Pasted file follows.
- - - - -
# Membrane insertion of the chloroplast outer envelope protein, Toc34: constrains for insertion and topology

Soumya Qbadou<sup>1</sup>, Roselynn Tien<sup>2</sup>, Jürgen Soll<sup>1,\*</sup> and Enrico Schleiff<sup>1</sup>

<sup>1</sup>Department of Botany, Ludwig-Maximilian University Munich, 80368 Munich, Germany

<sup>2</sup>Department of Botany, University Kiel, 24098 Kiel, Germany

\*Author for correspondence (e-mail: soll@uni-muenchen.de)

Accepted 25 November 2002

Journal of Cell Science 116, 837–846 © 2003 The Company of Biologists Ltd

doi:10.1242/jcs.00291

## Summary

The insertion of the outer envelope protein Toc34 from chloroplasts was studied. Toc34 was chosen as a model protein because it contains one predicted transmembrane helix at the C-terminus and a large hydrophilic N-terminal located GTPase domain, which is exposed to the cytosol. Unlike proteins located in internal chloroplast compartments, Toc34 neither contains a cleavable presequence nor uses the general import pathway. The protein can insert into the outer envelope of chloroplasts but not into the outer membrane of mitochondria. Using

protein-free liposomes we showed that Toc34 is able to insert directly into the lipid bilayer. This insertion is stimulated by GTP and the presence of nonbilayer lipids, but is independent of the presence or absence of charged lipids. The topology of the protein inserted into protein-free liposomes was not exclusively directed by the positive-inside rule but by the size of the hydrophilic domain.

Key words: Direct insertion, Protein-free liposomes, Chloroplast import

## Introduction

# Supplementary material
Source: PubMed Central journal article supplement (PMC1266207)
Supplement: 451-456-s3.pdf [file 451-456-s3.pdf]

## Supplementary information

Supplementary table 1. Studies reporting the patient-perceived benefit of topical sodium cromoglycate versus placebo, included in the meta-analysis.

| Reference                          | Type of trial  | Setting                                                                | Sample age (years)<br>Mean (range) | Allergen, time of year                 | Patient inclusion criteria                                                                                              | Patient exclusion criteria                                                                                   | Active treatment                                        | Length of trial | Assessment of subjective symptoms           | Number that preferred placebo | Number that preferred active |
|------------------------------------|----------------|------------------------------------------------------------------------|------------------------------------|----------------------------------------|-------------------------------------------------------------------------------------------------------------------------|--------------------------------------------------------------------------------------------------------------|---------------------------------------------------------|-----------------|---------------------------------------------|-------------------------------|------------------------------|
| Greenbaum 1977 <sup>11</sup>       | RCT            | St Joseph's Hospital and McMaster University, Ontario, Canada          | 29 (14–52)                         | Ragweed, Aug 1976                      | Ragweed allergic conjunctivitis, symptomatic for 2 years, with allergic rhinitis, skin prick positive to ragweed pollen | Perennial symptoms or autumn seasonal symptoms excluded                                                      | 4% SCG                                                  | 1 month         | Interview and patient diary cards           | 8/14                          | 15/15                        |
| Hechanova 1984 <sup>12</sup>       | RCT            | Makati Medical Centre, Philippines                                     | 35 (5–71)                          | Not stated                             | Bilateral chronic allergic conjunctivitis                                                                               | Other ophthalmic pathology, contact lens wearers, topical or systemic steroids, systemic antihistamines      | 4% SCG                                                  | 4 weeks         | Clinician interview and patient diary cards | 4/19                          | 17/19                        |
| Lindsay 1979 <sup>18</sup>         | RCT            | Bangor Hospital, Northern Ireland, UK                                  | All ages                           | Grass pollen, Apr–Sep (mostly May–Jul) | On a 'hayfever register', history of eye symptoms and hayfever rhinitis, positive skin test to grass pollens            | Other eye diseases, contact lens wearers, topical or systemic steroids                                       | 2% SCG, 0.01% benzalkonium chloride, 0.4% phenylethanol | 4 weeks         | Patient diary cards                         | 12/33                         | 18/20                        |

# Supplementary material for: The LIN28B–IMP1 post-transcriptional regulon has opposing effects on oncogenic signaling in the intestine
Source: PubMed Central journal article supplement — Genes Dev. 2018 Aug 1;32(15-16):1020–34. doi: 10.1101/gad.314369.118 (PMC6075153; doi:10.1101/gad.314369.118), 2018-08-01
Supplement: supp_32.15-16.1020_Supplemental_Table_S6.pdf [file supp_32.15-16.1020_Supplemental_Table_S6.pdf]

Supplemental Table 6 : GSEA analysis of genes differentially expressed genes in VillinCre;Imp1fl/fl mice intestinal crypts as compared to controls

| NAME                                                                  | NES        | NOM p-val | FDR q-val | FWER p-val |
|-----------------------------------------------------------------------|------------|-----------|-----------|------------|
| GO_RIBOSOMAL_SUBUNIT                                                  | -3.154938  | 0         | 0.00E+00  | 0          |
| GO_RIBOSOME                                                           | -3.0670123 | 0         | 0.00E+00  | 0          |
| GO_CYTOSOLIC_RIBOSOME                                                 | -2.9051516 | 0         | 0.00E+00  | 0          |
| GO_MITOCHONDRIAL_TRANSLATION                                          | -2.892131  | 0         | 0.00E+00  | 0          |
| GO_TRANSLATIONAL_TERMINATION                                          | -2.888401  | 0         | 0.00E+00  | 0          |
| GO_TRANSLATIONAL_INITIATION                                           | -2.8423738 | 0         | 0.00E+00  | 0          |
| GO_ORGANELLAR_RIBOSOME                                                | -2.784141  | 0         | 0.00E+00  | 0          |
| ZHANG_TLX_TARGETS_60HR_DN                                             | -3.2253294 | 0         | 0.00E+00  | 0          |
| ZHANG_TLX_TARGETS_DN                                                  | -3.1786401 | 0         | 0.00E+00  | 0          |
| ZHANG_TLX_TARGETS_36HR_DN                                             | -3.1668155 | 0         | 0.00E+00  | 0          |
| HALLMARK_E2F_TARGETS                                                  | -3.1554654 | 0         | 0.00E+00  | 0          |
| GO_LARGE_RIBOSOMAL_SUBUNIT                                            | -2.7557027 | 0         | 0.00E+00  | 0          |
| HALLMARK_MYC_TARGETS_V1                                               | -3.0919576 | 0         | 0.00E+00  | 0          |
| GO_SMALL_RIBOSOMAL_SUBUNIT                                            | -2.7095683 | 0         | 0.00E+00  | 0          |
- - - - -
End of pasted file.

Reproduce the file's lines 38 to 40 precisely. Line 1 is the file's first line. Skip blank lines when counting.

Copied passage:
| ZHANG_TLX_TARGETS_DN                                                  | -3.1786401 | 0         | 0.00E+00  | 0          |
| ZHANG_TLX_TARGETS_36HR_DN                                             | -3.1668155 | 0         | 0.00E+00  | 0          |
| HALLMARK_E2F_TARGETS                                                  | -3.1554654 | 0         | 0.00E+00  | 0          |